My 1/2 marathon PR was 1:47:19, set in April of 2007 in Newmarket NH at the Great Bay Half Marathon. This was about one year before I was to run my first MARATHON, so I had definitely evolved a bit as a runner since then. I didn't really know what to expect as far as the weather or my conditioning at this distance, so being noncommittal about the time goal seemed like the best approach.
We jogged back to John and Michael, received one more "good luck" from them and headed out to the start line. This was a chip timed race, which means that your official time doesn't really start until you run over the timing mat. It's nice to start as close to the front of the pack as possible, but having the chip sort of takes the pressure off. Plus, I knew that Ted was planning to run a faster time than I was and it would be nice to start together, even if we didn't stay together long.
Ready, set and go! We were off and running. As predicted, I didn't see much of Ted, but that is okay (see my previous blog post for my "running your own race" philosophy). My first mile was an 8:10, which made me happy. I guess that whole "warming up first" thing really works after all (thanks, Coach). Miles 2 and 3 were identical 8:05 miles. Looks like I was settling into a rhythm quite nicely. But, I still had 10 miles to go.
Along the way, I tried to maintain my composure and stay relaxed. Basically, I attempted to channel my 2009 Philadelphia Marathon demeanor. I slowed up a bit in mile 4, but made it back in the 5th mile by running a 7:52.
Once I hit the halfway mark, I started feeling a bit anxious, but I was able to keep myself under control. I cruised to the 8 mile mark in style, running that lap in 7:59. Only 5.1 miles to go.
Now THIS is where the wind decided to make its presence known.
Of course, we are running by the water (it being the beach and all) and the wind can be pretty brutal. I averaged an 8:16 pace over the next three miles which was pretty respectable considering. I was starting to get tired and in my head a little too much. But, I pressed on. I knew I would see John and Michael right around mile 12, so that would give me a nice boost.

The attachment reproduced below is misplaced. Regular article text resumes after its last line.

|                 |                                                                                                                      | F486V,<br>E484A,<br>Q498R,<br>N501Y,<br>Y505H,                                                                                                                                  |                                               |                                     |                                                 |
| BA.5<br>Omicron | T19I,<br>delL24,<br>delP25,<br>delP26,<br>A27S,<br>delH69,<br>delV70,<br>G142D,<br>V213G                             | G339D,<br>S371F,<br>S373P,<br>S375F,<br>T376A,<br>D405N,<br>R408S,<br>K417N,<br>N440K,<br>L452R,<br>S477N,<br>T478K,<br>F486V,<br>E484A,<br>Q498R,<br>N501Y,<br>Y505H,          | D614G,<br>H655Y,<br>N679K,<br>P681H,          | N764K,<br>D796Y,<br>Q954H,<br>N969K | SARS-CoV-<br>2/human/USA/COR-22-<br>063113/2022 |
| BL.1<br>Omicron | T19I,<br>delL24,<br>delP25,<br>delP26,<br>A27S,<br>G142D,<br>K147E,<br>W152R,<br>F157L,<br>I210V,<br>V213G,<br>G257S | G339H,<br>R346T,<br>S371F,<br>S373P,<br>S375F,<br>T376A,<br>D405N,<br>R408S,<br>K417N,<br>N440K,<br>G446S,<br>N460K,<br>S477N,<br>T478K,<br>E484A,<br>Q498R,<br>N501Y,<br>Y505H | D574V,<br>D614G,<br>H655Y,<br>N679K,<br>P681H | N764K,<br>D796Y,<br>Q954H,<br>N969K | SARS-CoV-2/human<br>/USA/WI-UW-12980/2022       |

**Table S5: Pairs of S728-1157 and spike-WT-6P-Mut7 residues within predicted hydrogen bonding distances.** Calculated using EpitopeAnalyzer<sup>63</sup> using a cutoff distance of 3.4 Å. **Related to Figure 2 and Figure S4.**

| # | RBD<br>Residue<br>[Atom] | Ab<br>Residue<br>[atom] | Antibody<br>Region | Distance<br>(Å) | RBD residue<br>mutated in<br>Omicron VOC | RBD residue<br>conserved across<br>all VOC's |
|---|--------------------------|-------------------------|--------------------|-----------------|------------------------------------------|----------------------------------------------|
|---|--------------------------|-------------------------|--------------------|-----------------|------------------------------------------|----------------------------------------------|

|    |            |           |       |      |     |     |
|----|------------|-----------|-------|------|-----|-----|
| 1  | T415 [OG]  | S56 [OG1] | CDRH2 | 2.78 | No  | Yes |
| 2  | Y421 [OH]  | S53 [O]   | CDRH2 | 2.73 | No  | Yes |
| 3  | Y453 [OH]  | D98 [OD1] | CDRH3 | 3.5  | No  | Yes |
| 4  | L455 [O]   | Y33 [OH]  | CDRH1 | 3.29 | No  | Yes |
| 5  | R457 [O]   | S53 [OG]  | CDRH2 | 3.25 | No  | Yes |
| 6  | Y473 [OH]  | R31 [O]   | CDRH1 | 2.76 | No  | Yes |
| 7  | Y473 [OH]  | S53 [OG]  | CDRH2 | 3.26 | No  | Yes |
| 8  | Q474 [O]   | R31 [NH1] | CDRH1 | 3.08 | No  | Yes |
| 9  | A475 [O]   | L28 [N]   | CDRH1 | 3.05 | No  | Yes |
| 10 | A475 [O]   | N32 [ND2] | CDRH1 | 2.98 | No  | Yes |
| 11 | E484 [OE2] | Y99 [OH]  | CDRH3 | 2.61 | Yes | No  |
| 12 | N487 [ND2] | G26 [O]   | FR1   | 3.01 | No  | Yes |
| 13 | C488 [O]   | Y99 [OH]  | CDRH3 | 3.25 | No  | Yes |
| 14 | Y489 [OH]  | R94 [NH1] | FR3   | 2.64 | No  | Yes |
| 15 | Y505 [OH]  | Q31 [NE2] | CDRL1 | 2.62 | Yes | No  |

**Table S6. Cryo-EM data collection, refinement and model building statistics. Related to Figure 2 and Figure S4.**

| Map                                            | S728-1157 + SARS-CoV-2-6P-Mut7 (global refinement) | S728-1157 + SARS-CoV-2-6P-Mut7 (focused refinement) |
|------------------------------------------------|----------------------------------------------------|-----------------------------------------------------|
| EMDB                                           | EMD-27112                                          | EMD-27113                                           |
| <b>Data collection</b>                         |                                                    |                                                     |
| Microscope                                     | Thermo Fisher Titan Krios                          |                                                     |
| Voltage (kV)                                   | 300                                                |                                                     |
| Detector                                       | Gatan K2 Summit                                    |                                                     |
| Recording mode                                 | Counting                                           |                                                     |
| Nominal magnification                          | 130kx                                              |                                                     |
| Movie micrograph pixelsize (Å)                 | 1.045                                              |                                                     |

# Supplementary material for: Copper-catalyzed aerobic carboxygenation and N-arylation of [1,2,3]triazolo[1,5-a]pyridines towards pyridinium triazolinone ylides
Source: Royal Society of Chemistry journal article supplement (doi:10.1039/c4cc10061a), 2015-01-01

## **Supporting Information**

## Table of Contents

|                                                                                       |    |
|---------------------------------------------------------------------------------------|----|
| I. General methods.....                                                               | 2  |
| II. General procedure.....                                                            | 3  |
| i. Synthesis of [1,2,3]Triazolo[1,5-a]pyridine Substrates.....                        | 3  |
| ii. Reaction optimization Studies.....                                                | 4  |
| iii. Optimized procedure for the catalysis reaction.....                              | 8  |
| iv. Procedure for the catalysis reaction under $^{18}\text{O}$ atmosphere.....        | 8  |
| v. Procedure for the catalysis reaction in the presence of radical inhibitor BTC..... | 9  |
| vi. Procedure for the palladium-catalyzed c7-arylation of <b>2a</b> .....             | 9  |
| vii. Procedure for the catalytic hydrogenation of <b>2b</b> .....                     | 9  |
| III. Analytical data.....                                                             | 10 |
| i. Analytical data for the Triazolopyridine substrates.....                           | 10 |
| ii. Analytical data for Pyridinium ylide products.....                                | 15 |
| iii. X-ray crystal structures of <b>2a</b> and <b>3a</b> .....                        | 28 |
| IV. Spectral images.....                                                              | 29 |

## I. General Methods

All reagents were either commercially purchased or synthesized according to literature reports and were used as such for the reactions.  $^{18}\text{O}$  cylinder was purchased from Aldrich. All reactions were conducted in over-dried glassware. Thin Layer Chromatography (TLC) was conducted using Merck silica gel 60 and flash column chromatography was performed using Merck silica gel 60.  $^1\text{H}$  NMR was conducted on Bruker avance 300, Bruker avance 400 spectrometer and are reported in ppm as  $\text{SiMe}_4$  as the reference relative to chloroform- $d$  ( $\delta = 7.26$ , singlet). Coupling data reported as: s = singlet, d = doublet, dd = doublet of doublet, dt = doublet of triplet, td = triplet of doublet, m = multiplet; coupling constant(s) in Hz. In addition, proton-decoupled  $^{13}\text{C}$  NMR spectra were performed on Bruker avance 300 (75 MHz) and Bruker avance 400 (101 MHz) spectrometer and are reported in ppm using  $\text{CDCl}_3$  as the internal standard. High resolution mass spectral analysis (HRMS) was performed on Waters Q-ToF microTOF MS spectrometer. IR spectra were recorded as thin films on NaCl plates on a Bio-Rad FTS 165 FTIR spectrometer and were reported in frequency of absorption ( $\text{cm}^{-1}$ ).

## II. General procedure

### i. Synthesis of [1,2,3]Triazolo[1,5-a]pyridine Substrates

And, boy did it ever.
I ran mile 12 in 8:10. I was picking up speed! I only had 1.1 miles to go. Then, I saw them standing off on the side walk and I knew I was close. I could do this. The question remained: just how fast could I do this???
Mile 13 was a sub 8 minute mile...a 7:53 mile to be exact! I could see the finish! Digging down deep I gave it all I had, averaging a 7:41 pace for the last tenth. I crossed the line with an official time of 1:47:21. I was only 2 seconds off my 1/2 marathon PR which made me happy and slightly frustrated at the same time...happy because I was able to match my previous best...disappointed because, well, if I could run the last 1.1 miles under an 8 minute pace, that must mean I held back for fear of...you guessed it...FAILING. More on that later.
Now it was time to find Ted. After a few minutes, I spotted him in the crowd and made my way over. We hugged and congratulated each other. He ran an impressive time of 1:38:20; nine whole minutes ahead of me! But, it was all good. I was very excited for him. We had both run well and it was time for, well, you guessed it...BEER!!!
We headed back to the Ashworth for the post-race party. Smuttynose was providing delicious draft beer so of course, we camped out by that table. Eventually, John and Michael found us and joined us in a frosty beverage. We drank beer, shared our race experiences, and had lots of laughs. I was glad to have race #2 in the bag and looked forward to five days of r&r in sunny Florida.
The next racing challenge was a mere 14 days away: the 31st annual Stu's 30K in Clinton, MA.
And all three of us would be running it this time. Not only that, but the "Boston Qualifying Quest" via a spring marathon in Burlington, Vermont was about to take a very interesting turn...